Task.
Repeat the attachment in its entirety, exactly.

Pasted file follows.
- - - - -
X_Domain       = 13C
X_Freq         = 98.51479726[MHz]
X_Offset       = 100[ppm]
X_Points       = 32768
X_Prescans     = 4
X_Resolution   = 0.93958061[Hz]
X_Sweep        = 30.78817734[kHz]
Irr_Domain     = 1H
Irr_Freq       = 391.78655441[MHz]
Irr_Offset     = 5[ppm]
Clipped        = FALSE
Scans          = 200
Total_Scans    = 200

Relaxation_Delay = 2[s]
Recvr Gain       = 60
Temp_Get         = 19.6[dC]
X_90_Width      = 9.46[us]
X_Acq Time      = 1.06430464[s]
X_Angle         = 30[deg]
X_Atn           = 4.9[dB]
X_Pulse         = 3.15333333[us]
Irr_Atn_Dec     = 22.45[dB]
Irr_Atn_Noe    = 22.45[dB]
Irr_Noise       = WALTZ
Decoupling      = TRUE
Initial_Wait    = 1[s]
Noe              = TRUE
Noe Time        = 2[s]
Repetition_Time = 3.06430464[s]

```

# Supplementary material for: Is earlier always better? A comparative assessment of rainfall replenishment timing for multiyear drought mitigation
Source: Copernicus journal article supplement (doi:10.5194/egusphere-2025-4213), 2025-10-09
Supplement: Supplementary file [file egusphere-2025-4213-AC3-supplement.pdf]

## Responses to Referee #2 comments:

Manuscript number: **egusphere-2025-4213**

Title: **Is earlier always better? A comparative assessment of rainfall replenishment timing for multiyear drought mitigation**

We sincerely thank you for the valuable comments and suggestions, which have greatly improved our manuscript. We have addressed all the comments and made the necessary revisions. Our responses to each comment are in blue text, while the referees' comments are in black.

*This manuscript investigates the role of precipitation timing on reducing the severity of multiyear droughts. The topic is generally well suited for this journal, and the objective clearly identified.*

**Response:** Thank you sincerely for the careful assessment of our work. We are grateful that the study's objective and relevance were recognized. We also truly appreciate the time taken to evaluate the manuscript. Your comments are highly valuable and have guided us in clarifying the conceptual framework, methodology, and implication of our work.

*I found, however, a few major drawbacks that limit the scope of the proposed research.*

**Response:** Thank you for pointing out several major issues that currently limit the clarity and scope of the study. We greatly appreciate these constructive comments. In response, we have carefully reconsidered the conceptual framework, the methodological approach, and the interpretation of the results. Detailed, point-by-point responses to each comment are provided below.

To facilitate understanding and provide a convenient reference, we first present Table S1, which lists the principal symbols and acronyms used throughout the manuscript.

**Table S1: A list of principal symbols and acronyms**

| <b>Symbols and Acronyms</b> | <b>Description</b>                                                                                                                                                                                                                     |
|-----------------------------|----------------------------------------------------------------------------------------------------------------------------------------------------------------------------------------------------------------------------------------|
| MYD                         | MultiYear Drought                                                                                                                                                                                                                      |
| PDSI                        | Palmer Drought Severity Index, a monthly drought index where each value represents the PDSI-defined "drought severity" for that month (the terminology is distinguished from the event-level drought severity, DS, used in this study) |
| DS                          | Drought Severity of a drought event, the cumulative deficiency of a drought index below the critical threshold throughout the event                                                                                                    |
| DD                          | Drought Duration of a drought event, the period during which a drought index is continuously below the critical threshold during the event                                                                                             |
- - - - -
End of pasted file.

X_Domain       = 13C
X_Freq         = 98.51479726[MHz]
X_Offset       = 100[ppm]
X_Points       = 32768
X_Prescans     = 4
X_Resolution   = 0.93958061[Hz]
X_Sweep        = 30.78817734[kHz]
Irr_Domain     = 1H
Irr_Freq       = 391.78655441[MHz]
Irr_Offset     = 5[ppm]
Clipped        = FALSE
Scans          = 200
Total_Scans    = 200

Relaxation_Delay = 2[s]
Recvr Gain       = 60
Temp_Get         = 19.6[dC]
X_90_Width      = 9.46[us]
X_Acq Time      = 1.06430464[s]
X_Angle         = 30[deg]
X_Atn           = 4.9[dB]
X_Pulse         = 3.15333333[us]
Irr_Atn_Dec     = 22.45[dB]
Irr_Atn_Noe    = 22.45[dB]
Irr_Noise       = WALTZ
Decoupling      = TRUE
Initial_Wait    = 1[s]
Noe              = TRUE
Noe Time        = 2[s]
Repetition_Time = 3.06430464[s]

```

# Supplementary material for: Is earlier always better? A comparative assessment of rainfall replenishment timing for multiyear drought mitigation
Source: Copernicus journal article supplement (doi:10.5194/egusphere-2025-4213), 2025-10-09
Supplement: Supplementary file [file egusphere-2025-4213-AC3-supplement.pdf]

## Responses to Referee #2 comments:

Manuscript number: **egusphere-2025-4213**

Title: **Is earlier always better? A comparative assessment of rainfall replenishment timing for multiyear drought mitigation**

We sincerely thank you for the valuable comments and suggestions, which have greatly improved our manuscript. We have addressed all the comments and made the necessary revisions. Our responses to each comment are in blue text, while the referees' comments are in black.

*This manuscript investigates the role of precipitation timing on reducing the severity of multiyear droughts. The topic is generally well suited for this journal, and the objective clearly identified.*

**Response:** Thank you sincerely for the careful assessment of our work. We are grateful that the study's objective and relevance were recognized. We also truly appreciate the time taken to evaluate the manuscript. Your comments are highly valuable and have guided us in clarifying the conceptual framework, methodology, and implication of our work.

*I found, however, a few major drawbacks that limit the scope of the proposed research.*

**Response:** Thank you for pointing out several major issues that currently limit the clarity and scope of the study. We greatly appreciate these constructive comments. In response, we have carefully reconsidered the conceptual framework, the methodological approach, and the interpretation of the results. Detailed, point-by-point responses to each comment are provided below.

To facilitate understanding and provide a convenient reference, we first present Table S1, which lists the principal symbols and acronyms used throughout the manuscript.

**Table S1: A list of principal symbols and acronyms**

| <b>Symbols and Acronyms</b> | <b>Description</b>                                                                                                                                                                                                                     |
|-----------------------------|----------------------------------------------------------------------------------------------------------------------------------------------------------------------------------------------------------------------------------------|
| MYD                         | MultiYear Drought                                                                                                                                                                                                                      |
| PDSI                        | Palmer Drought Severity Index, a monthly drought index where each value represents the PDSI-defined "drought severity" for that month (the terminology is distinguished from the event-level drought severity, DS, used in this study) |
| DS                          | Drought Severity of a drought event, the cumulative deficiency of a drought index below the critical threshold throughout the event                                                                                                    |
| DD                          | Drought Duration of a drought event, the period during which a drought index is continuously below the critical threshold during the event                                                                                             |